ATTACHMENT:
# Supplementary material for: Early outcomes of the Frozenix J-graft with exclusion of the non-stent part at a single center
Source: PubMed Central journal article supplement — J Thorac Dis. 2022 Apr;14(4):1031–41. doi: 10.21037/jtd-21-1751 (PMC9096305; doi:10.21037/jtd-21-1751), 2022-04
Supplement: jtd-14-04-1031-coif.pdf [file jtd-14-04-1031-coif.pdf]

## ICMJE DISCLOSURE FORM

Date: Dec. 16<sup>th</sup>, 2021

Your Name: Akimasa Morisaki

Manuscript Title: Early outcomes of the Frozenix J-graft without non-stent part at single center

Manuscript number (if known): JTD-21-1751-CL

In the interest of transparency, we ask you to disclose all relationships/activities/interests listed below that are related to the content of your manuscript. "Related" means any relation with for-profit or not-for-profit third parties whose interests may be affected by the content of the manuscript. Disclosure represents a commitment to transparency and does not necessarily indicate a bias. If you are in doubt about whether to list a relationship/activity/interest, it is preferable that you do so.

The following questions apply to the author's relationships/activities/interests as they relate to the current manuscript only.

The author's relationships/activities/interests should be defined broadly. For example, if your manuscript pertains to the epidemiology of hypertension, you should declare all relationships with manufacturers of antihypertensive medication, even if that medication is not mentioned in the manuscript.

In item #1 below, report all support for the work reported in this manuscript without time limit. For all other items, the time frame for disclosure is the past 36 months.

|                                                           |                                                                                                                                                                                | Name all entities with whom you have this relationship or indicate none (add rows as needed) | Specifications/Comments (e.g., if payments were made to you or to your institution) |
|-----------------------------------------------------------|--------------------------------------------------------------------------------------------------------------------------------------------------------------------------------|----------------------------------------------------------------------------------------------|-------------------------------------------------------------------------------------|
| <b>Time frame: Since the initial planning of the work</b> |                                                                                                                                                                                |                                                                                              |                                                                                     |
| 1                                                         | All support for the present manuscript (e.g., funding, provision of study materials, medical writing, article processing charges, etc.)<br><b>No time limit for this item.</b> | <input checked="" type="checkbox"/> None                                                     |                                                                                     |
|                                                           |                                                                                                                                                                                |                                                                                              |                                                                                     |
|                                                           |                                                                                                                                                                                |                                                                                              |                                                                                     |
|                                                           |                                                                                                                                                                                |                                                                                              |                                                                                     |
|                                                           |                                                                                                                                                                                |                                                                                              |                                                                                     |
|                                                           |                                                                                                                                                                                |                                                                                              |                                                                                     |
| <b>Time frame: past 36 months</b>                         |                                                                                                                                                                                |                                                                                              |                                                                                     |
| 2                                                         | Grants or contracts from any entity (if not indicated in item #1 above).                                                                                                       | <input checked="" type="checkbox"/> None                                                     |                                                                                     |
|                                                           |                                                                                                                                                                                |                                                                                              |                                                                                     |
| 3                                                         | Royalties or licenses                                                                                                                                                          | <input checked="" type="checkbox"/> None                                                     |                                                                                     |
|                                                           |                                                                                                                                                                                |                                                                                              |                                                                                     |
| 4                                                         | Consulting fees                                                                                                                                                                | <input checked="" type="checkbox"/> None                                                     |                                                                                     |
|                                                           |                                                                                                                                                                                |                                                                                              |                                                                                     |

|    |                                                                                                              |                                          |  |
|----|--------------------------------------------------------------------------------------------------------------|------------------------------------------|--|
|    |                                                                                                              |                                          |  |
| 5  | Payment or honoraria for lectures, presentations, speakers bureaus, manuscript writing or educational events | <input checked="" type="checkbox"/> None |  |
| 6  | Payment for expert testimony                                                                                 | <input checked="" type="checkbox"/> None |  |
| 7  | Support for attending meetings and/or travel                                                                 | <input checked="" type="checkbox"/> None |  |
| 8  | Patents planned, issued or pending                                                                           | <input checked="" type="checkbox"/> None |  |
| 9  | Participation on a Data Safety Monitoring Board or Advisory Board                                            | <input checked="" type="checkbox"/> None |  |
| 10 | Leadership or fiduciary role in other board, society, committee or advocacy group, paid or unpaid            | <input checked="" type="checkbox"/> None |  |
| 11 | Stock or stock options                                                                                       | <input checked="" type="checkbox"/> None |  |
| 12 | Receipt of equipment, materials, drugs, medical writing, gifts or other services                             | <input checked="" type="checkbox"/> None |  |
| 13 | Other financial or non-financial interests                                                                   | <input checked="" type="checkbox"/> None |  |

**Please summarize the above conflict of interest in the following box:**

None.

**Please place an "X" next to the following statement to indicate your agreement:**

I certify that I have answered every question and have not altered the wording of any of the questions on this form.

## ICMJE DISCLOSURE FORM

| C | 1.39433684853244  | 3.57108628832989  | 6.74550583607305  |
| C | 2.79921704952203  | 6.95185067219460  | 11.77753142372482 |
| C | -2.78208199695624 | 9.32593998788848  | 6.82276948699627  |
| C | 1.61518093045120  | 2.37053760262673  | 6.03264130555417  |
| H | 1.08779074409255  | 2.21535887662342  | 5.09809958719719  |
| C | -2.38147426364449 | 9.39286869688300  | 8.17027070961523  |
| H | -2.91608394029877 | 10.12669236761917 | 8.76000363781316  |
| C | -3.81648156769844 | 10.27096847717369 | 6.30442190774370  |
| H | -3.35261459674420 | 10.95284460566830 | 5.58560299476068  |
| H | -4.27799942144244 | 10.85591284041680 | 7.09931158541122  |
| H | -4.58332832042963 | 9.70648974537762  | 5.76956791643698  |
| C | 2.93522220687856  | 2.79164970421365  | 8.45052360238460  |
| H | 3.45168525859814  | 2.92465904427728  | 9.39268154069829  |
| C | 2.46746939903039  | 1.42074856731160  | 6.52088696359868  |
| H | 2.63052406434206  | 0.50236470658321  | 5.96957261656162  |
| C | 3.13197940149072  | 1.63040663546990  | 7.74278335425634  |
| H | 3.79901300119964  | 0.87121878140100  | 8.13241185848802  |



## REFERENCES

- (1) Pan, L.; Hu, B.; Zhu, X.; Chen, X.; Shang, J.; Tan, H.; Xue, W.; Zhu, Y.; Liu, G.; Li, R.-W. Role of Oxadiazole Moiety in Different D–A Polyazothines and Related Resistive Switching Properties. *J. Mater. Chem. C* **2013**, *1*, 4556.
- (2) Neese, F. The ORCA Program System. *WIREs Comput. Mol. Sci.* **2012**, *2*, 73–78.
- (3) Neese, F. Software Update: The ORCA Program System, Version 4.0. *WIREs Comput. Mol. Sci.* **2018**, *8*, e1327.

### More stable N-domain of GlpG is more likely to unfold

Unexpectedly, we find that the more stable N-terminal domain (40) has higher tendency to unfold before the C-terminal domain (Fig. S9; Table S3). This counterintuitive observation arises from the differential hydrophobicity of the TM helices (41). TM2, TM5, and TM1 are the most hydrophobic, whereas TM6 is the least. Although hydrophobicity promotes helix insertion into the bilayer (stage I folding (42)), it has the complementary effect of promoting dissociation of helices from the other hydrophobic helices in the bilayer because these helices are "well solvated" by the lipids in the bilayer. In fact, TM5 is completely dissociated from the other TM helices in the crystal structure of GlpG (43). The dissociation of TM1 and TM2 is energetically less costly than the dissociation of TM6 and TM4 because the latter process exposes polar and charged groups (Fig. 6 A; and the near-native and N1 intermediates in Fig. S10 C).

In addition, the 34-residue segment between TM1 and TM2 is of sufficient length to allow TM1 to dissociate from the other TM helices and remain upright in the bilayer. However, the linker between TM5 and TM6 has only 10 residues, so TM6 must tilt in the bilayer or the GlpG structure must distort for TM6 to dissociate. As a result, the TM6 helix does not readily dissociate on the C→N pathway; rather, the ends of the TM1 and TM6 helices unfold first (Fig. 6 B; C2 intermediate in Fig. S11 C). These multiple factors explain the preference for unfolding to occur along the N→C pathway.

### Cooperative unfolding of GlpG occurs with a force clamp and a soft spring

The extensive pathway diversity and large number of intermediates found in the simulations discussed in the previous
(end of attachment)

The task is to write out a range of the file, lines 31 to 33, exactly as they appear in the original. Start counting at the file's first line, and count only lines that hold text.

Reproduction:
|    |                                                                                                              |                                          |  |
| 5  | Payment or honoraria for lectures, presentations, speakers bureaus, manuscript writing or educational events | <input checked="" type="checkbox"/> None |  |
| 6  | Payment for expert testimony                                                                                 | <input checked="" type="checkbox"/> None |  |